Royal Commission: How aspects of institutions encourage child sexual abuse

The Royal Commission into Institutional Responses to Child Sexual Abuse released a report in December 2016, this time identifying aspects of organisational culture that may encourage child sexual abuse:

The Royal Commission has released a new research report investigating the role of organisational culture in institutional child sexual abuse. The research also identifies factors that can lead to successful organisational change and prevent child sexual abuse in institutions.

The report – The role of organisational culture in child sexual abuse in institutional contexts is the first of its kind, applying existing theory on organisational culture to institutional child sexual abuse. It draws on a review of literature as well as seven case studies conducted by the Royal Commission, into schools, churches, sporting groups and providers of out-of-home care.

The report found that organisations with cultural factors associated with “total institutions” may be more conducive to the perpetration of child sexual abuse. These kinds of organisations may be resistant to fast detection of abuse, and discourage an effective response when child sexual abuse occurs. For example, these institutions may:

  • Conduct their own investigations into allegations of child sexual abuse, rather than referring alleged perpetrators to authorities;
  • Forbid children from retaining personal items and discourage the building of relationships with peers;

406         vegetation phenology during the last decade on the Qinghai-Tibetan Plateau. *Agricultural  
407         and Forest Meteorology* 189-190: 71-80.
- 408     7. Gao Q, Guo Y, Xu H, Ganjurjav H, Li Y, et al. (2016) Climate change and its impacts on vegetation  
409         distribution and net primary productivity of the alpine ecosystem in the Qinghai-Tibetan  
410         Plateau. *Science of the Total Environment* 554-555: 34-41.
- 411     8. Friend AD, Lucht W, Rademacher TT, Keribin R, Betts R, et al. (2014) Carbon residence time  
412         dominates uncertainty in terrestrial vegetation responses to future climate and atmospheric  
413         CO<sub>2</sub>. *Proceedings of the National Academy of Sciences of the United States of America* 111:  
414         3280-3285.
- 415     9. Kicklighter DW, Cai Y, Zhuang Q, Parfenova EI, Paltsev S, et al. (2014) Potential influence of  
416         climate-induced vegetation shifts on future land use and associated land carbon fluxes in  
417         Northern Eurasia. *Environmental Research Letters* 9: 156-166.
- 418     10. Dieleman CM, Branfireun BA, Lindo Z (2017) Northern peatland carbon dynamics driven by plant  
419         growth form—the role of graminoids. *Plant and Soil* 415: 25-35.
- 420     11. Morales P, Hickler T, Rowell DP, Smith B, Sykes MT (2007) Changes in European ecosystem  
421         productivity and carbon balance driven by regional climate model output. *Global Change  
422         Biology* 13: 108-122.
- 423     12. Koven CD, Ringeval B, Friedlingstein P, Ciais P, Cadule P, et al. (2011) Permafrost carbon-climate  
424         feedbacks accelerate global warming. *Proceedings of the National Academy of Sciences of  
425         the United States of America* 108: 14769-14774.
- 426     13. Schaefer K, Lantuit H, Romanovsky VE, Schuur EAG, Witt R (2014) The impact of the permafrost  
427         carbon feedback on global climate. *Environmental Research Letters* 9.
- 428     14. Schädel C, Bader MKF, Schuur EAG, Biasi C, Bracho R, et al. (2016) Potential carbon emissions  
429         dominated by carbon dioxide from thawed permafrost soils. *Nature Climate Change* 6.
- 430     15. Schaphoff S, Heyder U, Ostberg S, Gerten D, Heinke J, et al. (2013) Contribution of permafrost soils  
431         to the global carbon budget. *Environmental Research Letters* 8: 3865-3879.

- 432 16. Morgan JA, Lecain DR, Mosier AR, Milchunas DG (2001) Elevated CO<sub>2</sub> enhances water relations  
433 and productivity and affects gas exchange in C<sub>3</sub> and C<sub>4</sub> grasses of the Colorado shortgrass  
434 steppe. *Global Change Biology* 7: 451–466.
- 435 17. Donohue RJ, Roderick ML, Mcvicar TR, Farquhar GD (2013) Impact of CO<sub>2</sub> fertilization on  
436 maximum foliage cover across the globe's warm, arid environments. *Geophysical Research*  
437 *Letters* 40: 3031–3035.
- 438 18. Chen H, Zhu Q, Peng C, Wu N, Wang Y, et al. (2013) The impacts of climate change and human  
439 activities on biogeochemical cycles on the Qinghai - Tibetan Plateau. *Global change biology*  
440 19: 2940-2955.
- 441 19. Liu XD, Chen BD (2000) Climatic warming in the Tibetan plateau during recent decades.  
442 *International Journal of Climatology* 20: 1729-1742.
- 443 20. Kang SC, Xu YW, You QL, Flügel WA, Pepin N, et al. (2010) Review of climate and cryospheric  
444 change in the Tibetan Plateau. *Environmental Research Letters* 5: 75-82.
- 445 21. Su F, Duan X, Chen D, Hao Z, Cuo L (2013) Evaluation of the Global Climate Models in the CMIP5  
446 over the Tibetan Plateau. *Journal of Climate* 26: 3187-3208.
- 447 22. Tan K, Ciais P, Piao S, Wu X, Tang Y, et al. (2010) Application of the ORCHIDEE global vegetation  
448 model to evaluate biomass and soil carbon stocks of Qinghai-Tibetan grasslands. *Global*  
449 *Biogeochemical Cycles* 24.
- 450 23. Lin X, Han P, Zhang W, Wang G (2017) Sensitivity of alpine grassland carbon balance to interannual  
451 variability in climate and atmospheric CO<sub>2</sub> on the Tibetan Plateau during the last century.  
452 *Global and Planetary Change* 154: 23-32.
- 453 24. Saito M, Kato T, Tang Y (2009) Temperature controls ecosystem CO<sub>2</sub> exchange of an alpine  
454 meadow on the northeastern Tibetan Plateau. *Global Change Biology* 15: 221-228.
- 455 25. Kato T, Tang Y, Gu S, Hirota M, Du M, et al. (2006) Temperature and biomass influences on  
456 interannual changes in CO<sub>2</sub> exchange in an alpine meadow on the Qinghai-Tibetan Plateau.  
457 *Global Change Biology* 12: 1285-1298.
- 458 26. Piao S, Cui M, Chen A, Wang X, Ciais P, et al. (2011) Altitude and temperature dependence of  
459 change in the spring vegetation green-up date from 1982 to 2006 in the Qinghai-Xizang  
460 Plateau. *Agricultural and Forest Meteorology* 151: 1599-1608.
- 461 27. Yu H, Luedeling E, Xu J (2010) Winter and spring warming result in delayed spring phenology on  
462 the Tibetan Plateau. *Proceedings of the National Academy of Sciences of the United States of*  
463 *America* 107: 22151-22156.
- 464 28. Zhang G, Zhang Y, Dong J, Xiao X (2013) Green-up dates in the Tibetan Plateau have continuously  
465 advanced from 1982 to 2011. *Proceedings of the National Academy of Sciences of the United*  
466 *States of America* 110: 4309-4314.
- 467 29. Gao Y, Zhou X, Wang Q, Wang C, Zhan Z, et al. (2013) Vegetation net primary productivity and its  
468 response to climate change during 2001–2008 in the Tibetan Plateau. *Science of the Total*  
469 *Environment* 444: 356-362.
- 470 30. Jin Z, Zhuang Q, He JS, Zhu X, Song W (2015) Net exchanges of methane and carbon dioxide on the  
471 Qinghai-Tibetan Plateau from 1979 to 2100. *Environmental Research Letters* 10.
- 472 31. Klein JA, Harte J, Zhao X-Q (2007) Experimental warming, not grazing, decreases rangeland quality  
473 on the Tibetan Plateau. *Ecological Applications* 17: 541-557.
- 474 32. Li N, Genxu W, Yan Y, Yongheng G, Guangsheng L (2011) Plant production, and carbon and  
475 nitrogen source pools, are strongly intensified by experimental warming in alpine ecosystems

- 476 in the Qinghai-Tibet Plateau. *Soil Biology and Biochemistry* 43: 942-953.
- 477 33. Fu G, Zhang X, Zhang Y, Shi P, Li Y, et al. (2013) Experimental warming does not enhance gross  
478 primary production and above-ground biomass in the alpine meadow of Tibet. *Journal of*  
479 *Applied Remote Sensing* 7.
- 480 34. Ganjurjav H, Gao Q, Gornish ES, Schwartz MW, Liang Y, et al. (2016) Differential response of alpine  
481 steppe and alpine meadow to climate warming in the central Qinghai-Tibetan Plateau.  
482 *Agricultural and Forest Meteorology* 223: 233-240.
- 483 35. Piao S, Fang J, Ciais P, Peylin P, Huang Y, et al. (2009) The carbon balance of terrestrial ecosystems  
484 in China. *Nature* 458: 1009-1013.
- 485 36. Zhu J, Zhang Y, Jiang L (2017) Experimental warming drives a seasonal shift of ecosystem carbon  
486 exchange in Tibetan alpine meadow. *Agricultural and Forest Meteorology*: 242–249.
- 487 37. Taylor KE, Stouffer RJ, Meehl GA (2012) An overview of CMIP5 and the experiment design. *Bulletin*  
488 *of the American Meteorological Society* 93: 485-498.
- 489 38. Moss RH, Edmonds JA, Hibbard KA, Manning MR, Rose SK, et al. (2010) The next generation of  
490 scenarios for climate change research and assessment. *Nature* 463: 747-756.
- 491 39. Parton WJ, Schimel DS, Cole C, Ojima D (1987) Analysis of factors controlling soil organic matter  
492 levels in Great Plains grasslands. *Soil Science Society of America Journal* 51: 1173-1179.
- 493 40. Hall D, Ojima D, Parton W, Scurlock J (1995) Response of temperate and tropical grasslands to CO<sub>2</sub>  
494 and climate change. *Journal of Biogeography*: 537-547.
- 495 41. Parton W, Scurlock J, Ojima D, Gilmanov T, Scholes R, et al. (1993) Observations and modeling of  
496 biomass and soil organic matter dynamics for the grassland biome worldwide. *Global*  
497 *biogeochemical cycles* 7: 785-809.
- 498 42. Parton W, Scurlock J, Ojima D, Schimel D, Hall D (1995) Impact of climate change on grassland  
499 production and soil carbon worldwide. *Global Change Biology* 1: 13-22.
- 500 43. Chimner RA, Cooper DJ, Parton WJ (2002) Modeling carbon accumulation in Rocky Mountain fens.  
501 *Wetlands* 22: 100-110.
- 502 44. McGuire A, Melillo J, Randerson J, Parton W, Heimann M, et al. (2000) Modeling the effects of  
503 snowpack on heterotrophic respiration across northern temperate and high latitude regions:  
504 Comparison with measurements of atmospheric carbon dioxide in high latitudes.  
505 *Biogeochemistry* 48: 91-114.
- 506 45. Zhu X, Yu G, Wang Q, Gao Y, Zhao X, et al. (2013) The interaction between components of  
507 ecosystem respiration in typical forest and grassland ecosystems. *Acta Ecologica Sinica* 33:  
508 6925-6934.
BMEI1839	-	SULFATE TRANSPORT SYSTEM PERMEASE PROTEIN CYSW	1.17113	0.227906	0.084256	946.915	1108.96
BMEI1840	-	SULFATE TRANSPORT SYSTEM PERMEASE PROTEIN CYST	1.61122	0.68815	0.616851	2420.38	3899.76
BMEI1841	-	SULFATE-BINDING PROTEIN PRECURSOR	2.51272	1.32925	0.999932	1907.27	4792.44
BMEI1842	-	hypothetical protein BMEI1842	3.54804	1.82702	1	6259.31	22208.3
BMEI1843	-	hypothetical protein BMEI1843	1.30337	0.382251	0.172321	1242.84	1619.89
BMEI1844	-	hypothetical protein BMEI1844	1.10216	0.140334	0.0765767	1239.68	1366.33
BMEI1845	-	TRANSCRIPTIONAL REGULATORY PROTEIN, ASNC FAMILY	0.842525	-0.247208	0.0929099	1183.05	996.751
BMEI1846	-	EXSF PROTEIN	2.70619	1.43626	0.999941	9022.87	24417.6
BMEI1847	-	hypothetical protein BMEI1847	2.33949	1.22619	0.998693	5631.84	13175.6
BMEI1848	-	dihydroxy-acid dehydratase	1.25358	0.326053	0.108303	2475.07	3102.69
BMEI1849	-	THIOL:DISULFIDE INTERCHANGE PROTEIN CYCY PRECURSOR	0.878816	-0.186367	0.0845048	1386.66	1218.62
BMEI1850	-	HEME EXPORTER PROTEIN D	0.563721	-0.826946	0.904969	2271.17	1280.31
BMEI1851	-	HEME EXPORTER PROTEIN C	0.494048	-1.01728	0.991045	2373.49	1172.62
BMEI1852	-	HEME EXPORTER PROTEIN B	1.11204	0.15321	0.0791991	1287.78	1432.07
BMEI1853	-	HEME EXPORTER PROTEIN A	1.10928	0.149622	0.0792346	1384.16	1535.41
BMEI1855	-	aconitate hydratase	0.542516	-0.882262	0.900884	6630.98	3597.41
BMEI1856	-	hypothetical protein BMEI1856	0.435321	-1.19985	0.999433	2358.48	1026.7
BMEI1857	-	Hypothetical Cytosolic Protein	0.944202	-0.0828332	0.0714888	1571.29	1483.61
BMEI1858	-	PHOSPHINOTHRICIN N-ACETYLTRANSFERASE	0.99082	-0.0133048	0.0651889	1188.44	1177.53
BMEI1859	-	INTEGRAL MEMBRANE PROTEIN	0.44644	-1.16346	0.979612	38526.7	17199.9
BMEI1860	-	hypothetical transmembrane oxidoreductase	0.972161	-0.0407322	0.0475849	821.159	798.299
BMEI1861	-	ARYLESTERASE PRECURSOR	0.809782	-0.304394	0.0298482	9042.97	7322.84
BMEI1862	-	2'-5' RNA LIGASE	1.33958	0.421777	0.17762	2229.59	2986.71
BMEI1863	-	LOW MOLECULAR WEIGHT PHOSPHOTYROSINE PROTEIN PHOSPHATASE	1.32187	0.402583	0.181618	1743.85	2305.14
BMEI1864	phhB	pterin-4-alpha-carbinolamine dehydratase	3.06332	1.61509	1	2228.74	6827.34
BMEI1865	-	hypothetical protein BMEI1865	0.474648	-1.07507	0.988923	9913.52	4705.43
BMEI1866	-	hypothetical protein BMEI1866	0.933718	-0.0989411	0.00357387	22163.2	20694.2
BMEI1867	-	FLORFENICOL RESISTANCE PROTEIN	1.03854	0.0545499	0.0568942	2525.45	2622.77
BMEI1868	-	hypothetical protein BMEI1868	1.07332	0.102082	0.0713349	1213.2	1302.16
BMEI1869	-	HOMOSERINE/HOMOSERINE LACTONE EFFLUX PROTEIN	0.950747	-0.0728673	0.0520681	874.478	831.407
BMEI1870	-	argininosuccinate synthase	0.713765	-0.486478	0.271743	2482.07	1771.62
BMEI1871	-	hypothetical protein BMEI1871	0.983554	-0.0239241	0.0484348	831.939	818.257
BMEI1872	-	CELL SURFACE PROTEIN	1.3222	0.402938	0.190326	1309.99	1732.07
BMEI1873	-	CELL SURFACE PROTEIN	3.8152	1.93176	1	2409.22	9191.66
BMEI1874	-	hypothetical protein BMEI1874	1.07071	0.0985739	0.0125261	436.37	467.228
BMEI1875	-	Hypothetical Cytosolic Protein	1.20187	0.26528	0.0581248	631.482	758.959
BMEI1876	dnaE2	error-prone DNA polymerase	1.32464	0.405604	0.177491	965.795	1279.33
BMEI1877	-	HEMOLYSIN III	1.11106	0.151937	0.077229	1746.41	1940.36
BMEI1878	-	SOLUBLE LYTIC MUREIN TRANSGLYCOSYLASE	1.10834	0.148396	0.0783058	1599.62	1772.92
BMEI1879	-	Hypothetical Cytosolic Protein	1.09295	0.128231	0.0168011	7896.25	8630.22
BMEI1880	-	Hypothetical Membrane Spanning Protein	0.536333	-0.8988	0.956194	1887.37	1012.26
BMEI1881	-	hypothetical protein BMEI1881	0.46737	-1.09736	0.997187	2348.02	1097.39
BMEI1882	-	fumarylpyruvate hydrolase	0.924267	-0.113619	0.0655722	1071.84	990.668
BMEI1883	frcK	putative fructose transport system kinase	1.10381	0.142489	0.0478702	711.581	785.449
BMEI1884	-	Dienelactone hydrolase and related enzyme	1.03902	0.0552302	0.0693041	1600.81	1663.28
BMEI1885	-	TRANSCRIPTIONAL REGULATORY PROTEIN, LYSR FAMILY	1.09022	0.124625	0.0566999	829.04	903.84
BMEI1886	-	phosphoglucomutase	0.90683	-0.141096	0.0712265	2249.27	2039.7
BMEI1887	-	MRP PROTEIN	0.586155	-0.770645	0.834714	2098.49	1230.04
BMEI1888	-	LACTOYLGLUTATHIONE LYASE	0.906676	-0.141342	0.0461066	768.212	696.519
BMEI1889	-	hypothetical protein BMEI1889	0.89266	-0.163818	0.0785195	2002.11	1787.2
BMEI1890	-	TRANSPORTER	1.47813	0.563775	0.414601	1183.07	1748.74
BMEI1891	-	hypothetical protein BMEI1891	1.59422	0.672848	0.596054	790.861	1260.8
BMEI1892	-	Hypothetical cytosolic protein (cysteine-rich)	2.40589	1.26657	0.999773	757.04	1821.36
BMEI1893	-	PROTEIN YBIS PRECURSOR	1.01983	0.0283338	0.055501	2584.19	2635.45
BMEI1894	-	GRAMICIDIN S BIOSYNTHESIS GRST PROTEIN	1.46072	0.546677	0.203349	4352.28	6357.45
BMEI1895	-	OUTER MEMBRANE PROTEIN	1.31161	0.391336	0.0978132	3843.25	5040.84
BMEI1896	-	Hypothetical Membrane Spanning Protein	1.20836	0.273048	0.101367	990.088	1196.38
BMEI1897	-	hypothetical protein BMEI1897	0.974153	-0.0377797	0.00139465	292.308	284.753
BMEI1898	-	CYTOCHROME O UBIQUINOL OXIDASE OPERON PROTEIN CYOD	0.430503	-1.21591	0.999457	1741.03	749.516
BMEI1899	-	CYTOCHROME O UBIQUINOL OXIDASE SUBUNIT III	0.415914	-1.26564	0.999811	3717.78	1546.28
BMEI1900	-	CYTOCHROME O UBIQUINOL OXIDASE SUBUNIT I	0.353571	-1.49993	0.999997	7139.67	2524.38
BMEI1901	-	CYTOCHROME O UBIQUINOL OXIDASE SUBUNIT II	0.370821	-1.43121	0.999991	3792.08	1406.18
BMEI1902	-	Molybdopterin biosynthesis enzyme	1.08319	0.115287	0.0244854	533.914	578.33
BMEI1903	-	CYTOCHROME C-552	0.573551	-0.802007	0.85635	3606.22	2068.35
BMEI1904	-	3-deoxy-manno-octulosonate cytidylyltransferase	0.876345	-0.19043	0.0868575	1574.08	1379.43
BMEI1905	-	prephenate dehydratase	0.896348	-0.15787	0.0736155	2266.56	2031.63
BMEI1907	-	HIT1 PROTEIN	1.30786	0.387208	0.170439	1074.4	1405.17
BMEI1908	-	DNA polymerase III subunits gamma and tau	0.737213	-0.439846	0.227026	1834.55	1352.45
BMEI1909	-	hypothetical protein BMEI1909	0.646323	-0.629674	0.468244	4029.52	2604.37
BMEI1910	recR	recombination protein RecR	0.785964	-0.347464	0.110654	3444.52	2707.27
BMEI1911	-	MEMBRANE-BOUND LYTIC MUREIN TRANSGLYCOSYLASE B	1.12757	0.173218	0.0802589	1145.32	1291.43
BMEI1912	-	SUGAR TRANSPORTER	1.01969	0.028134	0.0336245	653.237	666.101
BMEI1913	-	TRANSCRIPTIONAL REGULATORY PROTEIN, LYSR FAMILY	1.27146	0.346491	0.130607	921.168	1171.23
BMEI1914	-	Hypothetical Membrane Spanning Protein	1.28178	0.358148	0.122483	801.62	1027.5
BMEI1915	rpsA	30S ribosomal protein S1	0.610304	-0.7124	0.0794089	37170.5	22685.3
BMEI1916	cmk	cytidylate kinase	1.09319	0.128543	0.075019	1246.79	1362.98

• Promote secrecy and withholding of information from children, staff and others, and/or
  • Command children to engage in or refrain from behaviours that make abuse possible and reporting less likely.

The report identified a number of other types of organisational cultures which can support the perpetration of child sexual abuse, slow its detection and promote a poor response. These included “macho” cultures; cultures that do not support the discussion of matters relating to sex and child sexual abuse; and cultures of “top management” that prioritise the protection of the organisation’s public image to minimise scandal and adverse legal consequences.

Royal Commission CEO, Philip Reed, said by using theories from the highly-researched area of organisational culture and applying them to child sexual abuse, the report provided a thought-provoking analysis that extends current thinking.

“The report asks several questions about what kinds of assumptions, values, beliefs and norms within organisations help facilitate the perpetration of child sexual abuse and act to prevent the timely and effective response to such abuse,” he said.

“This research aims to assist organisations to identify these in order to effect greater organisational change that will lead to the better protection of children in institutional settings.”

The report was conducted by Professor Donald Palmer from the University of California.

Read the full report.

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